However, the Oura is extremely small and attractive, and the onboard sensors are accurate and sensitive. (It’s also our Best Sleep Tracker.) Those features are now available with the membership, and you can access guided meditations, personalized insights, and educational content; without it, you will be able to access only your three basic Oura scores, which are your Daily Readiness, Sleep, and Activity scores (essentially what you saw last year). If you have trouble predicting your period, the ring is sensitive enough to pick up the half-degree temperature drop right before mine starts. Although the company has made no explicit statement about Roe v. Wadeit’s based in Finland and abides by the GDPRand US-based health authorities cannot subpoena data from it.

  • Photograph: Ultrahuman

    Best Ring Without a Subscription

    Ultrahuman Ring Air

    As my colleague Simon Hill points out, smart rings have grown enormously in popularity since the Oura debuted in 2015. If you want a simple, understated smart ring and don’t want to get another subscription charge per month, the Ultrahuman Ring Air (7/10, WIRED Recommends) is a great place to start.

    This lightweight, unobtrusive ring has an infrared photoplethysmography (PPG) sensor, a noncontact medical-grade skin temperature sensor, a six-axis motion sensor, and colored LEDs for heart rate monitoring and blood oxygen saturation. It also has IPX8 water resistanceso it’s fine to wear in the shower or pool, and the battery life lasts for about four days. Hill notes that the sleep tracking is excellent, but the workout tracking leaves something to be desired.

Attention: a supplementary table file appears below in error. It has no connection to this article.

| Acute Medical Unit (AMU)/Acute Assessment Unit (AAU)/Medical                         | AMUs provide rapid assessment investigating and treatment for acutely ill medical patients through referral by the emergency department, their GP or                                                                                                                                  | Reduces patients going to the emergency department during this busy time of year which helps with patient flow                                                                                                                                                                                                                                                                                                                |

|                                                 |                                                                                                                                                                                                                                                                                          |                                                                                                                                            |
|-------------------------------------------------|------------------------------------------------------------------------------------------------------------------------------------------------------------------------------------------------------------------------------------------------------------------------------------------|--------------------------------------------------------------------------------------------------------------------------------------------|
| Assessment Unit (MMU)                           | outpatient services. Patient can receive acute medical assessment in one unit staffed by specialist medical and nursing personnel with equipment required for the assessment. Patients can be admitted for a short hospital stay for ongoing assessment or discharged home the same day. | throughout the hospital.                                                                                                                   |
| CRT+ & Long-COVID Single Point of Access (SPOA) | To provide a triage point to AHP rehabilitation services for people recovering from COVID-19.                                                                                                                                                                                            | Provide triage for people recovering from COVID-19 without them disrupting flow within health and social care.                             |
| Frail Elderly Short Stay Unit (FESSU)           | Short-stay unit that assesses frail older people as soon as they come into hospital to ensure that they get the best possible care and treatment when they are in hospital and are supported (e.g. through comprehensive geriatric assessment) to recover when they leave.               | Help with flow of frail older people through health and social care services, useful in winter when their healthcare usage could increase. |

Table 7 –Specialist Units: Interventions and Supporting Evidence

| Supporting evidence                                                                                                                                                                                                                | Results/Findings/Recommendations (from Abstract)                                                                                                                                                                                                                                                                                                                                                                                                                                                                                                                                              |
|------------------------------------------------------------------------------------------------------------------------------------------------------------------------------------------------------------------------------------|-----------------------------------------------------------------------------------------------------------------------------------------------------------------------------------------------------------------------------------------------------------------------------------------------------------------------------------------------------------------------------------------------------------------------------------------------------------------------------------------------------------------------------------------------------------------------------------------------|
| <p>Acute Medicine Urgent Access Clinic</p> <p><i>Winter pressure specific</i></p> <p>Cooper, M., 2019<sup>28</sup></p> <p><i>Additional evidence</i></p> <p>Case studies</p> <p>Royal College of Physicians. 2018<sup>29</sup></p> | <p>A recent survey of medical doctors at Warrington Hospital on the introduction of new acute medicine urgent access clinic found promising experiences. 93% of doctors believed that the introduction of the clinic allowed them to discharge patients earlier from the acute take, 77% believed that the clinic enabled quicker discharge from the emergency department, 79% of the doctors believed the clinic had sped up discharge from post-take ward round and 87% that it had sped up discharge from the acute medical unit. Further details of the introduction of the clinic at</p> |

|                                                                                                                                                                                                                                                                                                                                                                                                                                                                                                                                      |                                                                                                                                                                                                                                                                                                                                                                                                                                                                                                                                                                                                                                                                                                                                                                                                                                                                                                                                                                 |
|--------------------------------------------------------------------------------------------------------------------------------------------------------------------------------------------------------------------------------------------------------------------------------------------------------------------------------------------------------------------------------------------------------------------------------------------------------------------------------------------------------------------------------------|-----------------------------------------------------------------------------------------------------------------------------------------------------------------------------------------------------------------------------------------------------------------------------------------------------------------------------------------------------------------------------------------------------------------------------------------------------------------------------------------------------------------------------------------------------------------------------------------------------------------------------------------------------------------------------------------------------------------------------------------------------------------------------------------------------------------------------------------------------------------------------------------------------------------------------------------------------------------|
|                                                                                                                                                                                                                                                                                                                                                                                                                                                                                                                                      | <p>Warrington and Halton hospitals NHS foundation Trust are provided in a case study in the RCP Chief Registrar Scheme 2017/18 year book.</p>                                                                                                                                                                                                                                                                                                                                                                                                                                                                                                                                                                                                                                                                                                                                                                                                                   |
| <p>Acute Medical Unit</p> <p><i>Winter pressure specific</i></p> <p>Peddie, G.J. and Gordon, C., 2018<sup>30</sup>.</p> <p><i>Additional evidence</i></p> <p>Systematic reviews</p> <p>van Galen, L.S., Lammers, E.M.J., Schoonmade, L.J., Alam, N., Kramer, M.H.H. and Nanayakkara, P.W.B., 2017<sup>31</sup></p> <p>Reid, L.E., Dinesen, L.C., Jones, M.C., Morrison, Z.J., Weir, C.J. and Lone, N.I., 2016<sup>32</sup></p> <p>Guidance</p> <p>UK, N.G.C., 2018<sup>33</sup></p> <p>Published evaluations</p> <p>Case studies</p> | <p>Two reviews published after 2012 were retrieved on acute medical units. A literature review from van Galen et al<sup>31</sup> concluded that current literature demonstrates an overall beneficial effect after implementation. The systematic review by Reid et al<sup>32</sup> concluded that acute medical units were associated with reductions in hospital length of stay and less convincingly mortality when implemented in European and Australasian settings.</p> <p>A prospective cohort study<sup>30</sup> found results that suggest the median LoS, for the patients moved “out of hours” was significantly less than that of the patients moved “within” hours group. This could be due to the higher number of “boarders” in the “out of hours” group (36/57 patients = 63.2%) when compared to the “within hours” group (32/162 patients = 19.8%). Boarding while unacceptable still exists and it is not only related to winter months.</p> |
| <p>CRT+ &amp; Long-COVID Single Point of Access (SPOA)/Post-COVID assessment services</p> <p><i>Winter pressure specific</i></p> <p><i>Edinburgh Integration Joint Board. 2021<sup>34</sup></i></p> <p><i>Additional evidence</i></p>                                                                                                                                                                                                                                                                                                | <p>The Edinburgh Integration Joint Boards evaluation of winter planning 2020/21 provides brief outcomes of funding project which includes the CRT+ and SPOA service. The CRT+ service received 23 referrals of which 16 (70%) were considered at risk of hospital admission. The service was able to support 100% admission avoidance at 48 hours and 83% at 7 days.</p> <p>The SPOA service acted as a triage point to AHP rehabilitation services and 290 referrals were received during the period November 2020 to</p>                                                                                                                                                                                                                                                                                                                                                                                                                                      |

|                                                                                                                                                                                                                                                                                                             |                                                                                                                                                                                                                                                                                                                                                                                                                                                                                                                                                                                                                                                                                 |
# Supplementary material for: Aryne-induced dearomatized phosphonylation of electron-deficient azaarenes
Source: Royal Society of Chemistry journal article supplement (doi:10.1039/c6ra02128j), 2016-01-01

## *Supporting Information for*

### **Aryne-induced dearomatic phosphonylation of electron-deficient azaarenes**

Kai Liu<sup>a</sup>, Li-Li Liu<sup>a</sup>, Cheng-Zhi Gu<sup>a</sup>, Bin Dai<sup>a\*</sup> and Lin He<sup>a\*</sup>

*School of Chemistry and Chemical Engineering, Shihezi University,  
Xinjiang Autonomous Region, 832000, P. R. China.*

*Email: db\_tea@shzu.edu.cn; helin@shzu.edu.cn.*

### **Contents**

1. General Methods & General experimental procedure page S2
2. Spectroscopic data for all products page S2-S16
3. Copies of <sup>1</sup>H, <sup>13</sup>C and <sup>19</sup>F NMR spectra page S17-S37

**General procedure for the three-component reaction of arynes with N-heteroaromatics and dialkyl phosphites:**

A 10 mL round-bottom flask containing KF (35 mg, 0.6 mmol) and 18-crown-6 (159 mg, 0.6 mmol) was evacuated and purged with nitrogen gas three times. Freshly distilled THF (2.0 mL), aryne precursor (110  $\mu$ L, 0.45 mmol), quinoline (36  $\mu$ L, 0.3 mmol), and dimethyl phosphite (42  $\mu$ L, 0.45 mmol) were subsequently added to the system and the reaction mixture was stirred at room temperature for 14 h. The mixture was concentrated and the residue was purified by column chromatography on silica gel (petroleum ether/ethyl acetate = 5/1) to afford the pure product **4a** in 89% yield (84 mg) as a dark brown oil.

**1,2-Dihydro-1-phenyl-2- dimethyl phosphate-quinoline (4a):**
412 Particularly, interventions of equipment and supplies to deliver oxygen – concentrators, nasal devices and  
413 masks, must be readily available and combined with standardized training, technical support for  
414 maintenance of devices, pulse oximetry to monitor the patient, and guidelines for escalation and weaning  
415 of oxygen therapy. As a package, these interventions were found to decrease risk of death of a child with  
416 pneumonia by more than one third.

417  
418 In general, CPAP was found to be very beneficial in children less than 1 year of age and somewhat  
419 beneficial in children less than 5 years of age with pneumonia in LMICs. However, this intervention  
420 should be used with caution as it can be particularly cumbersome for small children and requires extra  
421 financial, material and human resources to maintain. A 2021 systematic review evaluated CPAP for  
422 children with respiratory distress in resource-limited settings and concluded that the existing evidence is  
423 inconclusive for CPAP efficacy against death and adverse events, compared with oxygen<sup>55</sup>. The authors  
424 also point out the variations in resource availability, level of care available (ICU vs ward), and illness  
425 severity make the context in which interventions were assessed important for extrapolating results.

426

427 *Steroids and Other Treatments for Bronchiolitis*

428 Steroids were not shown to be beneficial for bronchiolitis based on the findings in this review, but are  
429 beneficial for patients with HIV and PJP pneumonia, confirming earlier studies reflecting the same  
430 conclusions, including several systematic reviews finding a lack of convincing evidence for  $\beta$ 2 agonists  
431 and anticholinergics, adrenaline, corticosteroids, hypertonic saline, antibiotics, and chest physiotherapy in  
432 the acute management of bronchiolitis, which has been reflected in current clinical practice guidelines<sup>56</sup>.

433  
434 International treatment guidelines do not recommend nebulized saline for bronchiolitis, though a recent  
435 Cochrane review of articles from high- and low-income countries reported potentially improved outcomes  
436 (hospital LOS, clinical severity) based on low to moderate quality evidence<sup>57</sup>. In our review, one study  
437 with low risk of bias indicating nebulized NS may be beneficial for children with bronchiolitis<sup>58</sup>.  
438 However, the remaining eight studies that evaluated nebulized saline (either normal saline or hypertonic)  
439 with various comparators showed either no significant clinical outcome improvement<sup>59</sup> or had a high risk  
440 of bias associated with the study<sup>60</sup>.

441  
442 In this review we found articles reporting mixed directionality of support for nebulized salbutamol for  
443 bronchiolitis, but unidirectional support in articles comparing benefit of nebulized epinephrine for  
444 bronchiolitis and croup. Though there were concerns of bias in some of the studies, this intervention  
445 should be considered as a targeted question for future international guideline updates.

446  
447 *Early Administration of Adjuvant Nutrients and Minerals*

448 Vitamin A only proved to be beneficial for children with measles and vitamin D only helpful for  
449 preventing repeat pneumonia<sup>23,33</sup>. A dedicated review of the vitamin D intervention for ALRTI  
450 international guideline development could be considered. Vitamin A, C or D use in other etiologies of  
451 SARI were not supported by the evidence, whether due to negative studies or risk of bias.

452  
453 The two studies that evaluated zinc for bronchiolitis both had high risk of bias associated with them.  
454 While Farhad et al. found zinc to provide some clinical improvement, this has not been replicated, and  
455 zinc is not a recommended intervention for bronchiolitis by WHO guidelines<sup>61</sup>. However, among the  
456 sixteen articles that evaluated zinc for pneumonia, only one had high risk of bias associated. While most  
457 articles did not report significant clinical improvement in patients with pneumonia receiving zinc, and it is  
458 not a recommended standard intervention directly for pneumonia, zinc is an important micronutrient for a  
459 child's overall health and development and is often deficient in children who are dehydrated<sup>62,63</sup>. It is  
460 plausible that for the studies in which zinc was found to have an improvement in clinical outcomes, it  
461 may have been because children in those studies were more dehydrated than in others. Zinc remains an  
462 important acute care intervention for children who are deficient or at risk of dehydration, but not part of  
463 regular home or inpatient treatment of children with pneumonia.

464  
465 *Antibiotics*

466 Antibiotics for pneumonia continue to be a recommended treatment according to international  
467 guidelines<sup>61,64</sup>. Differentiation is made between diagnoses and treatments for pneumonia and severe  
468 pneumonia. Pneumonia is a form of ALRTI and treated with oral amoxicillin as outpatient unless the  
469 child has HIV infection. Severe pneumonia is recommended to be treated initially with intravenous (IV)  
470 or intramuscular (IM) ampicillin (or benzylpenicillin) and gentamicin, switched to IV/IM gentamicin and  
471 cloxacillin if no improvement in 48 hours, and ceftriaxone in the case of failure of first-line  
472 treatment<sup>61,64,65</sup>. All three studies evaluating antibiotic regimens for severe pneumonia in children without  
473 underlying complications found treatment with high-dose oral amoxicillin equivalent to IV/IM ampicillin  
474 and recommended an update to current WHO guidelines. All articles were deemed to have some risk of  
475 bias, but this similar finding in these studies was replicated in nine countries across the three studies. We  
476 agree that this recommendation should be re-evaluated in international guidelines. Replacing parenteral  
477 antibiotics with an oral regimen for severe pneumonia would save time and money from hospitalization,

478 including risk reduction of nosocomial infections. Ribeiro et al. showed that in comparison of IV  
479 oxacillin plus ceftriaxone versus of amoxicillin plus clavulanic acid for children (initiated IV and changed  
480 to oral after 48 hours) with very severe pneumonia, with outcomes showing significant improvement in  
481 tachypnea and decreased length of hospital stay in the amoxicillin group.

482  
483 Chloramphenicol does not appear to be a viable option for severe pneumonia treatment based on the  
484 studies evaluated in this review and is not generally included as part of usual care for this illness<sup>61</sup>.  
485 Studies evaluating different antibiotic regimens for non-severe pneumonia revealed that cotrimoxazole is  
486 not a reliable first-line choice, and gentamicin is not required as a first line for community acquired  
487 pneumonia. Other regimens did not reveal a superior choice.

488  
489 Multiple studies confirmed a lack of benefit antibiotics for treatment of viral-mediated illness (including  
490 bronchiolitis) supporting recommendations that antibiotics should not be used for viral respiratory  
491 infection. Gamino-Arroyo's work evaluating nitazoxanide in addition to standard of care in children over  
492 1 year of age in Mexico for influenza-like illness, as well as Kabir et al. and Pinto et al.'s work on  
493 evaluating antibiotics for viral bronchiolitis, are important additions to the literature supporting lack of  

• Photograph: WHOOP

    The Most Wearable Wearable

    Whoop 4.0 (Membership)

    The biggest problem with any fitness wearable of any kind is how often they get in the way of … working on your fitness. You can’t wear the Oura ring while rock climbing, for example. That’s why the cult fitness tracker company Whoop introduced a line of smart clothes. With a Whoop in your bra, you can track runs with your Garmin!

    Whoop is best suited for athletes who can independently interpret its somewhat arcane metrics. Daily Strain measures only cardiovascular load, so a day where I walked 3 miles to and fro is supposedly a harder day than when I lifted weights for an hour. The Whoop 4.0 is also smaller than previous models, with a new battery, but I did experience charging issues with the new version. You have to keep the app running at all times lest it constantly warn you that it can’t update right this second. Last year, the company debuted a new AI coach that I found considerably less than helpful—I know why I’m not getting enough sleep, but my work and kids aren’t going away any time soon. Finally, at $30, the monthly subscription is the most expensive one here, and the line of proprietary clothing does not have extended sizing. Even with all those caveats, it’s the only wearable I’ve ever forgotten I’m wearing.

  • Photograph: Casio

    An Update to a Classic

    Casio G-Shock Move

    A G-Shock is a classic watch for an outdoorsy person; these devices are known for being big, rugged, and unbreakable. (To me, they’re best known for being the watch that Keanu Reeves wears in Speed). Lo, this spring Casio released the G-Shock Move, which has the classic G-Shock looks and functionality coupled with Bluetooth connectivity and a brand-new partnership with Polar. The company known for its granular fitness data collection recently released 25 of its algorithms for use with commercial partners, of which Casio is the first. The partnership needs a little ironing out—you connect to the Casio Watches app (and not, confusingly, the G-Shock Move app), and it’s unattractive and hard to navigate, plus Polar’s biometrics can be difficult to interpret. It’s also slower to connect to GPS than other trackers I’ve tried. Accuracy while recording my outdoor runs suffered as a result—I often just took off rather than standing around shivering in my shorts.